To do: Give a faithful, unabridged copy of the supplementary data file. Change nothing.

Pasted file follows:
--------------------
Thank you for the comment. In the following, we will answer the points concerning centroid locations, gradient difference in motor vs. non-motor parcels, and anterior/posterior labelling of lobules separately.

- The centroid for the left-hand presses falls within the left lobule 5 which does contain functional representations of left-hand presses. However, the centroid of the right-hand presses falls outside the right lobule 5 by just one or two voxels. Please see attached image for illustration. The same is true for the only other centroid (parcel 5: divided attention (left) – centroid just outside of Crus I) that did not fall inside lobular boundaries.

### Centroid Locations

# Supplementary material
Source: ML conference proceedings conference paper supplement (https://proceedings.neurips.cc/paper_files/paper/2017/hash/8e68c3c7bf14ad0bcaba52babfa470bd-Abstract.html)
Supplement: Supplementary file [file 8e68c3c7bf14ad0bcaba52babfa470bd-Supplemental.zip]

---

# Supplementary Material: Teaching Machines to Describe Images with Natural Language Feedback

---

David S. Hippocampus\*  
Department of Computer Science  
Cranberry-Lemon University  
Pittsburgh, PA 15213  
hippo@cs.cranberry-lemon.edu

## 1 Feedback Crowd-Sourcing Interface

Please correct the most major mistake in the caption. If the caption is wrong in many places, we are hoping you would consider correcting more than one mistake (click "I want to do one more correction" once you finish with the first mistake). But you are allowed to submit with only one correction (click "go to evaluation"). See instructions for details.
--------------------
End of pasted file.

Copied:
Thank you for the comment. In the following, we will answer the points concerning centroid locations, gradient difference in motor vs. non-motor parcels, and anterior/posterior labelling of lobules separately.

- The centroid for the left-hand presses falls within the left lobule 5 which does contain functional representations of left-hand presses. However, the centroid of the right-hand presses falls outside the right lobule 5 by just one or two voxels. Please see attached image for illustration. The same is true for the only other centroid (parcel 5: divided attention (left) – centroid just outside of Crus I) that did not fall inside lobular boundaries.

### Centroid Locations

# Supplementary material
Source: ML conference proceedings conference paper supplement (https://proceedings.neurips.cc/paper_files/paper/2017/hash/8e68c3c7bf14ad0bcaba52babfa470bd-Abstract.html)
Supplement: Supplementary file [file 8e68c3c7bf14ad0bcaba52babfa470bd-Supplemental.zip]

---

# Supplementary Material: Teaching Machines to Describe Images with Natural Language Feedback

---

David S. Hippocampus\*  
Department of Computer Science  
Cranberry-Lemon University  
Pittsburgh, PA 15213  
hippo@cs.cranberry-lemon.edu

## 1 Feedback Crowd-Sourcing Interface

Please correct the most major mistake in the caption. If the caption is wrong in many places, we are hoping you would consider correcting more than one mistake (click "I want to do one more correction" once you finish with the first mistake). But you are allowed to submit with only one correction (click "go to evaluation"). See instructions for details.